The city is trying to rein in the worst excesses of the tech delivery subculture. In September, the City Council passed — without the support of DoorDash — an historic package of bills aimed at improving delivery workers' conditions and regulating the massive multi-million-dollar industry, including requiring restaurants to allow workers to use the bathroom, setting a minimum wage, and giving workers the option to refuse some trips.
DoorDash has recently been trying to connect its brand to the work of safety advocates. In addition to the partnership with Bike New York, Door Dash sponsored Transportation Alternatives' Vision Zero Cities conference back in October, but advocates said they don't see DoorDash doing the work on the ground.
The demand for ultra-fast grocery delivery could not only lead to a rise in crashes, but also contribute to a misplaced fear of e-bikes, according to Colón Hernández — frustration that she says is only compounded by the NYPD still not knowing the very laws they're supposed to uphold, or even how to tell the difference between a legal e-bike and an illegal moped.
"[Delivery companies] demand that delivery workers go so fast [and] people take it out on the easy target, who they see everyday, who they see in front of them. Make companies accountable," Colón Hernández said. "NYPD still doest know what an e-bike, moped is."
Anti-bike politicians have jumped into the breach, with state Sen. Simcha Felder (R-Brooklyn) claiming that e-bike riders have caused a “bloody battle for pedestrians," but saying nothing of the demanding customers who order food and expect it to arrive in minutes, still hot. And Streetsblog reported in August that the city's own data show that e-bikes are still far less dangerous than multi-ton cars and trucks.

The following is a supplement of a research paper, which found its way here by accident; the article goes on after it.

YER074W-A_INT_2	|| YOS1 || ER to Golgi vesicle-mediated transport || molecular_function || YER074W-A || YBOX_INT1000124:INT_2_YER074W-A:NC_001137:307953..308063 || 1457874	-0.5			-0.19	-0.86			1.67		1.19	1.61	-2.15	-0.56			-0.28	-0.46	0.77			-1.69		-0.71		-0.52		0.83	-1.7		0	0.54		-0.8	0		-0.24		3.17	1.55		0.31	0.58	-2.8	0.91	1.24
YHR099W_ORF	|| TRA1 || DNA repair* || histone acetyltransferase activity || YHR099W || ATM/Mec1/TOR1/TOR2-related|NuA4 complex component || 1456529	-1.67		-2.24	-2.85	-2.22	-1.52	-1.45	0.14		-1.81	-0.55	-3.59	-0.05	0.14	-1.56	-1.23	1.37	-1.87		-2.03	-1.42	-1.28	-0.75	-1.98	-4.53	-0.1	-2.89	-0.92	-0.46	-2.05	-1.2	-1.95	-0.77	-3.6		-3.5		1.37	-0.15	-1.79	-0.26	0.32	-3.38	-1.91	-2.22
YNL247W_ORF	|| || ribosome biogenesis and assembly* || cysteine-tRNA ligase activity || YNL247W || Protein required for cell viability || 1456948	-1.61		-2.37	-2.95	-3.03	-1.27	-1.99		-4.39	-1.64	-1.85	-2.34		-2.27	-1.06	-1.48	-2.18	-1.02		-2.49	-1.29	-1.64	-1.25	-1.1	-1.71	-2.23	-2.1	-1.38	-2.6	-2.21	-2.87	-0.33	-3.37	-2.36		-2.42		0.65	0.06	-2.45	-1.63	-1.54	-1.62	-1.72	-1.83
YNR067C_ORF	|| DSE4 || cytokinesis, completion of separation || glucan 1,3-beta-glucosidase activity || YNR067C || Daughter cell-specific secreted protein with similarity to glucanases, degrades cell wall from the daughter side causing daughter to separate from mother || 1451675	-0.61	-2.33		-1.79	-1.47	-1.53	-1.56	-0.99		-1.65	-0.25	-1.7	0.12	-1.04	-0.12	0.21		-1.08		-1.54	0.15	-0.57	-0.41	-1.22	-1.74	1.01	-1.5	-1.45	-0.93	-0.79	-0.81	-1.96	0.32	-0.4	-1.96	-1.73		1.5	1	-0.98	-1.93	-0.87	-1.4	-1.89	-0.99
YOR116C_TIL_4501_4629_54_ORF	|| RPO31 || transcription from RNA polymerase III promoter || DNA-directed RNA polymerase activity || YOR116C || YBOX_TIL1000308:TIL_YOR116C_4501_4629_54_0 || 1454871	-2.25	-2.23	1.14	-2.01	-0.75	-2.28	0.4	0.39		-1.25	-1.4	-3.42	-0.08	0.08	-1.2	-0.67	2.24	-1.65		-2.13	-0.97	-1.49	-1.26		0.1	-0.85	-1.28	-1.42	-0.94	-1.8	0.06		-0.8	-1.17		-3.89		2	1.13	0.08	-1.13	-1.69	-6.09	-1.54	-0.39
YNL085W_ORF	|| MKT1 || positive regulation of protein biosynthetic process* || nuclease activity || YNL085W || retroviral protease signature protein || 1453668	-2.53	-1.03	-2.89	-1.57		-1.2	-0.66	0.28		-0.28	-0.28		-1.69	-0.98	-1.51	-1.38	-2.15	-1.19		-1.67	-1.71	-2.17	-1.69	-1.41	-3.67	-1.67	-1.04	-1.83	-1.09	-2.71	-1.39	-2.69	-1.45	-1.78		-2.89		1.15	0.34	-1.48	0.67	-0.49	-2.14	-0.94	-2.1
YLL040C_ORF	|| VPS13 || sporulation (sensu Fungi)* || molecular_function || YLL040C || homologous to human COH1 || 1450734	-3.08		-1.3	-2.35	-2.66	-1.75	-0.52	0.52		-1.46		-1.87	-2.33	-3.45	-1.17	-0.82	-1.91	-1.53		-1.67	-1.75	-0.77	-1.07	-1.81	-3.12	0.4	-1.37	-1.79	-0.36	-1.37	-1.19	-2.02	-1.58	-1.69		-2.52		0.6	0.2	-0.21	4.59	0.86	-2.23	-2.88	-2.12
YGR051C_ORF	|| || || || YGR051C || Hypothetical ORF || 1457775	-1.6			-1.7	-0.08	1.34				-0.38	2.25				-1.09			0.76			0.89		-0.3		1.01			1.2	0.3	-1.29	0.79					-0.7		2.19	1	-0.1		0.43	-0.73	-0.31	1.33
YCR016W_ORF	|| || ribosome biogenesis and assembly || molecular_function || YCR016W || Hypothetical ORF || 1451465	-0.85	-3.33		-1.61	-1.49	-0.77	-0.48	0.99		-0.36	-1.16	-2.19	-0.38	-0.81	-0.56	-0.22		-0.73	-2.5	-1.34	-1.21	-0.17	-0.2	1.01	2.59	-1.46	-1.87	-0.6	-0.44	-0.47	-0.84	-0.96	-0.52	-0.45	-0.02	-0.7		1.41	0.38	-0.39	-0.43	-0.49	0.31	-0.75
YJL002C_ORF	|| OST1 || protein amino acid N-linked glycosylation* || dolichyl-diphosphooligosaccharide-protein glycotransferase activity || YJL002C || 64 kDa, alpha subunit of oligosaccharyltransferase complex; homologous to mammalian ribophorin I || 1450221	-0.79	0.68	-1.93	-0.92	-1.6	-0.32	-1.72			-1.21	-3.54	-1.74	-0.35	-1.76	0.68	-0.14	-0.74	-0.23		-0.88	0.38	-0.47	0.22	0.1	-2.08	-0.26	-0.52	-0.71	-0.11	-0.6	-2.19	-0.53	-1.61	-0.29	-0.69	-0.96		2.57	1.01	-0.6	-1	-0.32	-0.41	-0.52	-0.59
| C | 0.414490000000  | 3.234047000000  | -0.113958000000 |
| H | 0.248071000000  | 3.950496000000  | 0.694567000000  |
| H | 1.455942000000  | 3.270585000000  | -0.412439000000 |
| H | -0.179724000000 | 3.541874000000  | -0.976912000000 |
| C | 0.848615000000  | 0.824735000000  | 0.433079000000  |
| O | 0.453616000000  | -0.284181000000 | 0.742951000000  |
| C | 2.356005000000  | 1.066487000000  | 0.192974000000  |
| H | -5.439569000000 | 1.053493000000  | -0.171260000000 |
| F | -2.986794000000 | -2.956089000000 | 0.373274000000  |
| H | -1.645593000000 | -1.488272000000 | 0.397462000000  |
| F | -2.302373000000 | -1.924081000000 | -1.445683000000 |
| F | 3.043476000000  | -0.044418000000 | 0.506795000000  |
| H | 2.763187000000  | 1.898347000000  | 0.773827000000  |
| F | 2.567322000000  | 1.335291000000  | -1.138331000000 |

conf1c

From Jan. 1 through June 25, 2021, there were 3,101 crashes that led to the injury of a pedestrian. Of those crashes, 2,870, or 93 percent, were caused by the driver of a truck, van, SUV, car or other four-plus-wheeled motor vehicle. Only 132 crashes — or 4 percent — were caused by the users of e-bikes, e-scooters, mopeds or motorscooters (or any of the other words that cops use to classify two-wheeled motored vehicles).
Over the same period in 2019*, there were 3,281 crashes that led to the injury of a pedestrian. Of those crashes, 3,098, or 94 percent, were caused by the driver of a truck, van, SUV, car or other four-plus-wheeled motor vehicle. Only 28 crashes, or less than 1 percent, were caused by a micromobility user. And crashes involving cars are typically far more violent than those involving cyclists, even those on mopeds.
Those numbers followed Streetsblog’s reporting from 2019, which revealed that e-bike riders caused just 32 — or .05 percent — of all the 61,939 injuries to all road users in 2018.
But the city's own stats have not been enough to stop myopic reactionaries like Felder and an Upper West Side community board from launching a backlash on a mode of transportation that is far cleaner and safer than cars, but nonetheless intimidate pedestrians because mopeds and faster bikes are not given protected space. The current backlash began this summer after actor Lisa Banes was killed by the rider of an illegal moped. Another Upper West Side pedestrian was killed by an e-bike rider after he walked into the middle of the road, mid-block.
* Streetsblog uses 2019 data instead of 2020 data because of dramatically aberrant traffic patterns during the pandemic year.
Julianne Cuba joined Streetsblog in February, 2019, after three years covering local news and politics at The Brooklyn Paper. There, she also covered the notoriously reckless private carting industry and hit-and-runs. A 2015 graduate of Stony Brook University’s School of Journalism Master’s Program, she lives in Brooklyn. Julianne is on Twitter at @julcuba. Email Julianne at firstname.lastname@example.org
More from Streetsblog New York City
Astoria Organizers Lead the Way on Street Safety with a Reddit Strategy
The western Queens neighborhood has become a hub for a new kind of safe street advocacy.
Connecticut’s Regional Rail Investment is Not About New York City
Gov. Ned Lamont will spend $315 million investment on new rail cars — but they're not going anywhere near Grand Central. Here's why.
State DMV’s New Rules Could Kinda Sorta Make Roadways Safer
Of course, it all depends on enforcement and diligence of our motor vehicle officials and cops.
Popular Fort Greene Open Street Fizzles After City Pulls Support
DOT reassigned its contractor, and this open street — which once hosted rollicking dance parties — is history.